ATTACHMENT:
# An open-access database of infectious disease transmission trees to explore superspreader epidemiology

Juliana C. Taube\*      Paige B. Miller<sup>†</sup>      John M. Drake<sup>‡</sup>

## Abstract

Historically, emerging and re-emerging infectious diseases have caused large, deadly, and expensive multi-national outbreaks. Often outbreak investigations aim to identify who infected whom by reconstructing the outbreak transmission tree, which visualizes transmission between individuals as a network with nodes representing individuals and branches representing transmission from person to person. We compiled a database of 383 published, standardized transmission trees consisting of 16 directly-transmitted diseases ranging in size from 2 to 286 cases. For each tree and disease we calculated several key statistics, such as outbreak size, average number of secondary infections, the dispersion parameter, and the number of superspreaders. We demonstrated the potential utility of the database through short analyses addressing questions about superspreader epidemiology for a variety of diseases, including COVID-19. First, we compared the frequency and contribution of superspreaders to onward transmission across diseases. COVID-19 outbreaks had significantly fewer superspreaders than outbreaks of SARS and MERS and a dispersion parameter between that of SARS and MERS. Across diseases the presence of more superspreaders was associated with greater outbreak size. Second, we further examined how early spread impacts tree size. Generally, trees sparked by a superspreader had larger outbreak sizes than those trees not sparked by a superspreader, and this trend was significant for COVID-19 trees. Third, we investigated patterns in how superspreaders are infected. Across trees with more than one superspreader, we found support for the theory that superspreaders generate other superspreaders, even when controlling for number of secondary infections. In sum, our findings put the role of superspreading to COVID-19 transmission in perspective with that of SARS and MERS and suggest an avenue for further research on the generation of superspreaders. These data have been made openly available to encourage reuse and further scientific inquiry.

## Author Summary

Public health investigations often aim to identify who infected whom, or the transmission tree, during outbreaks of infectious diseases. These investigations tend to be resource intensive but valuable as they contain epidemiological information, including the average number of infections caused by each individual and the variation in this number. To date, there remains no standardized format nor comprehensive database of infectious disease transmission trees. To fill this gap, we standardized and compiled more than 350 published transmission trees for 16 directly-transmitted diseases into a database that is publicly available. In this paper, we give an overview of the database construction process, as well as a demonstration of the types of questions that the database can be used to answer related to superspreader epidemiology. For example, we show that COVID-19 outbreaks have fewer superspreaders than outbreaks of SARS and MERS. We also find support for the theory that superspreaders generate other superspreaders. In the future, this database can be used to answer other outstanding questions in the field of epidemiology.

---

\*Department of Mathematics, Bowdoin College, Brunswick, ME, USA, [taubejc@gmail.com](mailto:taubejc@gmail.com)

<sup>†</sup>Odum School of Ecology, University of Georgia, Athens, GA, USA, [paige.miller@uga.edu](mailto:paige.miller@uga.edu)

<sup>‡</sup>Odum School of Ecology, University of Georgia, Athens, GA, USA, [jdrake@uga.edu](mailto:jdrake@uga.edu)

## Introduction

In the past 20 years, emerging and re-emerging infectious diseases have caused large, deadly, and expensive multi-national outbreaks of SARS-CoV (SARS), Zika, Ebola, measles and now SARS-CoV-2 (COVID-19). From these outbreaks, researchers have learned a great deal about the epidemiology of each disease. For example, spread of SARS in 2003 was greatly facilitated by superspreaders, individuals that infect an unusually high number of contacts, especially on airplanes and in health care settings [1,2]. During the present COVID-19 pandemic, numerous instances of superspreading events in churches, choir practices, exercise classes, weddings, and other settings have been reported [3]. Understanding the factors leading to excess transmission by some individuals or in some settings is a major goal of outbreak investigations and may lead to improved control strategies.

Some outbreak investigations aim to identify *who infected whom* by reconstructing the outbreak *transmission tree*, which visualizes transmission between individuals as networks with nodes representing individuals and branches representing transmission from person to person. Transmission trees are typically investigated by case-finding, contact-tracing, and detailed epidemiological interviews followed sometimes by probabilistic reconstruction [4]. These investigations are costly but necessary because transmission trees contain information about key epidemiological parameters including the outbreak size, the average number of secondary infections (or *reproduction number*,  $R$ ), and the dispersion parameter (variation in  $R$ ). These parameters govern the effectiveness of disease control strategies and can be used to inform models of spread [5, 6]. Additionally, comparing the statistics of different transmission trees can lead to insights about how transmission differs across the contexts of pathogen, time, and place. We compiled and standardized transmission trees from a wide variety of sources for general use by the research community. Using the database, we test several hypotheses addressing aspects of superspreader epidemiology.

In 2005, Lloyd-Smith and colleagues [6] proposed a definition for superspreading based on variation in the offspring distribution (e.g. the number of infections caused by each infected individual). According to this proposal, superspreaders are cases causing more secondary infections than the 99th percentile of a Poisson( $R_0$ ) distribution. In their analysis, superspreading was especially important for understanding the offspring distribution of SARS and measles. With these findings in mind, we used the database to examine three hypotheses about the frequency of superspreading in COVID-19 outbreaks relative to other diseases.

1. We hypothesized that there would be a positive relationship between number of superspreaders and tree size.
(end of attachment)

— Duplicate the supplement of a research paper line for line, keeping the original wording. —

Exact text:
# An open-access database of infectious disease transmission trees to explore superspreader epidemiology

Juliana C. Taube\*      Paige B. Miller<sup>†</sup>      John M. Drake<sup>‡</sup>

## Abstract

Historically, emerging and re-emerging infectious diseases have caused large, deadly, and expensive multi-national outbreaks. Often outbreak investigations aim to identify who infected whom by reconstructing the outbreak transmission tree, which visualizes transmission between individuals as a network with nodes representing individuals and branches representing transmission from person to person. We compiled a database of 383 published, standardized transmission trees consisting of 16 directly-transmitted diseases ranging in size from 2 to 286 cases. For each tree and disease we calculated several key statistics, such as outbreak size, average number of secondary infections, the dispersion parameter, and the number of superspreaders. We demonstrated the potential utility of the database through short analyses addressing questions about superspreader epidemiology for a variety of diseases, including COVID-19. First, we compared the frequency and contribution of superspreaders to onward transmission across diseases. COVID-19 outbreaks had significantly fewer superspreaders than outbreaks of SARS and MERS and a dispersion parameter between that of SARS and MERS. Across diseases the presence of more superspreaders was associated with greater outbreak size. Second, we further examined how early spread impacts tree size. Generally, trees sparked by a superspreader had larger outbreak sizes than those trees not sparked by a superspreader, and this trend was significant for COVID-19 trees. Third, we investigated patterns in how superspreaders are infected. Across trees with more than one superspreader, we found support for the theory that superspreaders generate other superspreaders, even when controlling for number of secondary infections. In sum, our findings put the role of superspreading to COVID-19 transmission in perspective with that of SARS and MERS and suggest an avenue for further research on the generation of superspreaders. These data have been made openly available to encourage reuse and further scientific inquiry.

## Author Summary

Public health investigations often aim to identify who infected whom, or the transmission tree, during outbreaks of infectious diseases. These investigations tend to be resource intensive but valuable as they contain epidemiological information, including the average number of infections caused by each individual and the variation in this number. To date, there remains no standardized format nor comprehensive database of infectious disease transmission trees. To fill this gap, we standardized and compiled more than 350 published transmission trees for 16 directly-transmitted diseases into a database that is publicly available. In this paper, we give an overview of the database construction process, as well as a demonstration of the types of questions that the database can be used to answer related to superspreader epidemiology. For example, we show that COVID-19 outbreaks have fewer superspreaders than outbreaks of SARS and MERS. We also find support for the theory that superspreaders generate other superspreaders. In the future, this database can be used to answer other outstanding questions in the field of epidemiology.

---

\*Department of Mathematics, Bowdoin College, Brunswick, ME, USA, [taubejc@gmail.com](mailto:taubejc@gmail.com)

<sup>†</sup>Odum School of Ecology, University of Georgia, Athens, GA, USA, [paige.miller@uga.edu](mailto:paige.miller@uga.edu)

<sup>‡</sup>Odum School of Ecology, University of Georgia, Athens, GA, USA, [jdrake@uga.edu](mailto:jdrake@uga.edu)

## Introduction

In the past 20 years, emerging and re-emerging infectious diseases have caused large, deadly, and expensive multi-national outbreaks of SARS-CoV (SARS), Zika, Ebola, measles and now SARS-CoV-2 (COVID-19). From these outbreaks, researchers have learned a great deal about the epidemiology of each disease. For example, spread of SARS in 2003 was greatly facilitated by superspreaders, individuals that infect an unusually high number of contacts, especially on airplanes and in health care settings [1,2]. During the present COVID-19 pandemic, numerous instances of superspreading events in churches, choir practices, exercise classes, weddings, and other settings have been reported [3]. Understanding the factors leading to excess transmission by some individuals or in some settings is a major goal of outbreak investigations and may lead to improved control strategies.

Some outbreak investigations aim to identify *who infected whom* by reconstructing the outbreak *transmission tree*, which visualizes transmission between individuals as networks with nodes representing individuals and branches representing transmission from person to person. Transmission trees are typically investigated by case-finding, contact-tracing, and detailed epidemiological interviews followed sometimes by probabilistic reconstruction [4]. These investigations are costly but necessary because transmission trees contain information about key epidemiological parameters including the outbreak size, the average number of secondary infections (or *reproduction number*,  $R$ ), and the dispersion parameter (variation in  $R$ ). These parameters govern the effectiveness of disease control strategies and can be used to inform models of spread [5, 6]. Additionally, comparing the statistics of different transmission trees can lead to insights about how transmission differs across the contexts of pathogen, time, and place. We compiled and standardized transmission trees from a wide variety of sources for general use by the research community. Using the database, we test several hypotheses addressing aspects of superspreader epidemiology.

In 2005, Lloyd-Smith and colleagues [6] proposed a definition for superspreading based on variation in the offspring distribution (e.g. the number of infections caused by each infected individual). According to this proposal, superspreaders are cases causing more secondary infections than the 99th percentile of a Poisson( $R_0$ ) distribution. In their analysis, superspreading was especially important for understanding the offspring distribution of SARS and measles. With these findings in mind, we used the database to examine three hypotheses about the frequency of superspreading in COVID-19 outbreaks relative to other diseases.

1. We hypothesized that there would be a positive relationship between number of superspreaders and tree size.